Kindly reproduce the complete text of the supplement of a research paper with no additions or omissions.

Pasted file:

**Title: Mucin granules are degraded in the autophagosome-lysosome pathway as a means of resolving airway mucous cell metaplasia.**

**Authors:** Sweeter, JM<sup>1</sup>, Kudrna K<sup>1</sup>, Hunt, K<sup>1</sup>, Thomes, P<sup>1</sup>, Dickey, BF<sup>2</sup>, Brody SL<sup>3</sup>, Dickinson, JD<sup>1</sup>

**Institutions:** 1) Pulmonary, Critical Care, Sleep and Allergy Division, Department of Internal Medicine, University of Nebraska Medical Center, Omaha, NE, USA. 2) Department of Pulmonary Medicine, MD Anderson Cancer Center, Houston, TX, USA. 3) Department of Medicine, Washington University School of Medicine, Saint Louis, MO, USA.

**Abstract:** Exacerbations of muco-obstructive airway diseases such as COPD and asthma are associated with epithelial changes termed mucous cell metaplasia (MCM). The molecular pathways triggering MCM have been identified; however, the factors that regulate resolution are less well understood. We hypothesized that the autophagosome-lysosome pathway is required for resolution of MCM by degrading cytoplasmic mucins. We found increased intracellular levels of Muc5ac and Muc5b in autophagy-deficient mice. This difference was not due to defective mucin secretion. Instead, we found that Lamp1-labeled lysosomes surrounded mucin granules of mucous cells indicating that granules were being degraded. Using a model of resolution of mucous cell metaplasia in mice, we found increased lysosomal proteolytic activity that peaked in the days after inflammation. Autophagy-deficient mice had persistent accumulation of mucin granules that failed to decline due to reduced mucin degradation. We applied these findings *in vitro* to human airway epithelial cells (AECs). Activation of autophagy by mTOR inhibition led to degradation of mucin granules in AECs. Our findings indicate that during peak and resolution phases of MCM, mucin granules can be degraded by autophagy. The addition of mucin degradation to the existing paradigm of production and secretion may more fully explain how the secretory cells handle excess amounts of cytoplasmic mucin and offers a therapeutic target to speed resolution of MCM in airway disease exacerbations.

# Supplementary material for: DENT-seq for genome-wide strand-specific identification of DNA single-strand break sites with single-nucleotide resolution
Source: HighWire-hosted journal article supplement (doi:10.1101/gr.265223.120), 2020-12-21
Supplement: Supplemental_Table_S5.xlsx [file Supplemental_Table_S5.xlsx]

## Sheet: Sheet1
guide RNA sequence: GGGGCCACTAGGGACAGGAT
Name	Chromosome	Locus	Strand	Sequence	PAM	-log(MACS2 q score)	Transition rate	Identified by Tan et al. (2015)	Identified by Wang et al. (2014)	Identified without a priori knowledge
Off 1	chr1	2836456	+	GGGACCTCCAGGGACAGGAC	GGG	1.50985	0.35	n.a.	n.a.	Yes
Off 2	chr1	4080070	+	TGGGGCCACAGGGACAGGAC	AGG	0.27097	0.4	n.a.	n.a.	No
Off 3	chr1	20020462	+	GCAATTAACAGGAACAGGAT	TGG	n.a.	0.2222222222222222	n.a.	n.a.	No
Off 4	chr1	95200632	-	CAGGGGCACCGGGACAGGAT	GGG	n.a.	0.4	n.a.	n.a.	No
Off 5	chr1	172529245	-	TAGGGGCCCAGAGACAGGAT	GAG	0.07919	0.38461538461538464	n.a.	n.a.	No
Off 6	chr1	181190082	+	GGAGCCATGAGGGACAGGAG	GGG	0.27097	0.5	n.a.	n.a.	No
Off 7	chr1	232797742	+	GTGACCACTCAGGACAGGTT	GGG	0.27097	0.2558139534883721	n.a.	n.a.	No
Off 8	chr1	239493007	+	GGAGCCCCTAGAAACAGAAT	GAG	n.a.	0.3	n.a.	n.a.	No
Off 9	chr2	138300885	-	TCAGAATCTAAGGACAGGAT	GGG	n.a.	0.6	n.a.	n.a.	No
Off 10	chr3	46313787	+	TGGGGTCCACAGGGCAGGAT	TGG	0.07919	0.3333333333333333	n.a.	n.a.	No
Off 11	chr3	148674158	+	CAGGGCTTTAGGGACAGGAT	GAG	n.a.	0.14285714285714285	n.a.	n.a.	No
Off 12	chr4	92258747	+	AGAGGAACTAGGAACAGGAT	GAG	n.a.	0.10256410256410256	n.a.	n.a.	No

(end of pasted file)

**Title: Mucin granules are degraded in the autophagosome-lysosome pathway as a means of resolving airway mucous cell metaplasia.**

**Authors:** Sweeter, JM<sup>1</sup>, Kudrna K<sup>1</sup>, Hunt, K<sup>1</sup>, Thomes, P<sup>1</sup>, Dickey, BF<sup>2</sup>, Brody SL<sup>3</sup>, Dickinson, JD<sup>1</sup>

**Institutions:** 1) Pulmonary, Critical Care, Sleep and Allergy Division, Department of Internal Medicine, University of Nebraska Medical Center, Omaha, NE, USA. 2) Department of Pulmonary Medicine, MD Anderson Cancer Center, Houston, TX, USA. 3) Department of Medicine, Washington University School of Medicine, Saint Louis, MO, USA.

**Abstract:** Exacerbations of muco-obstructive airway diseases such as COPD and asthma are associated with epithelial changes termed mucous cell metaplasia (MCM). The molecular pathways triggering MCM have been identified; however, the factors that regulate resolution are less well understood. We hypothesized that the autophagosome-lysosome pathway is required for resolution of MCM by degrading cytoplasmic mucins. We found increased intracellular levels of Muc5ac and Muc5b in autophagy-deficient mice. This difference was not due to defective mucin secretion. Instead, we found that Lamp1-labeled lysosomes surrounded mucin granules of mucous cells indicating that granules were being degraded. Using a model of resolution of mucous cell metaplasia in mice, we found increased lysosomal proteolytic activity that peaked in the days after inflammation. Autophagy-deficient mice had persistent accumulation of mucin granules that failed to decline due to reduced mucin degradation. We applied these findings *in vitro* to human airway epithelial cells (AECs). Activation of autophagy by mTOR inhibition led to degradation of mucin granules in AECs. Our findings indicate that during peak and resolution phases of MCM, mucin granules can be degraded by autophagy. The addition of mucin degradation to the existing paradigm of production and secretion may more fully explain how the secretory cells handle excess amounts of cytoplasmic mucin and offers a therapeutic target to speed resolution of MCM in airway disease exacerbations.

# Supplementary material for: DENT-seq for genome-wide strand-specific identification of DNA single-strand break sites with single-nucleotide resolution
Source: HighWire-hosted journal article supplement (doi:10.1101/gr.265223.120), 2020-12-21
Supplement: Supplemental_Table_S5.xlsx [file Supplemental_Table_S5.xlsx]

## Sheet: Sheet1
guide RNA sequence: GGGGCCACTAGGGACAGGAT
Name	Chromosome	Locus	Strand	Sequence	PAM	-log(MACS2 q score)	Transition rate	Identified by Tan et al. (2015)	Identified by Wang et al. (2014)	Identified without a priori knowledge
Off 1	chr1	2836456	+	GGGACCTCCAGGGACAGGAC	GGG	1.50985	0.35	n.a.	n.a.	Yes
Off 2	chr1	4080070	+	TGGGGCCACAGGGACAGGAC	AGG	0.27097	0.4	n.a.	n.a.	No
Off 3	chr1	20020462	+	GCAATTAACAGGAACAGGAT	TGG	n.a.	0.2222222222222222	n.a.	n.a.	No
Off 4	chr1	95200632	-	CAGGGGCACCGGGACAGGAT	GGG	n.a.	0.4	n.a.	n.a.	No
Off 5	chr1	172529245	-	TAGGGGCCCAGAGACAGGAT	GAG	0.07919	0.38461538461538464	n.a.	n.a.	No
Off 6	chr1	181190082	+	GGAGCCATGAGGGACAGGAG	GGG	0.27097	0.5	n.a.	n.a.	No
Off 7	chr1	232797742	+	GTGACCACTCAGGACAGGTT	GGG	0.27097	0.2558139534883721	n.a.	n.a.	No
Off 8	chr1	239493007	+	GGAGCCCCTAGAAACAGAAT	GAG	n.a.	0.3	n.a.	n.a.	No
Off 9	chr2	138300885	-	TCAGAATCTAAGGACAGGAT	GGG	n.a.	0.6	n.a.	n.a.	No
Off 10	chr3	46313787	+	TGGGGTCCACAGGGCAGGAT	TGG	0.07919	0.3333333333333333	n.a.	n.a.	No
Off 11	chr3	148674158	+	CAGGGCTTTAGGGACAGGAT	GAG	n.a.	0.14285714285714285	n.a.	n.a.	No
Off 12	chr4	92258747	+	AGAGGAACTAGGAACAGGAT	GAG	n.a.	0.10256410256410256	n.a.	n.a.	No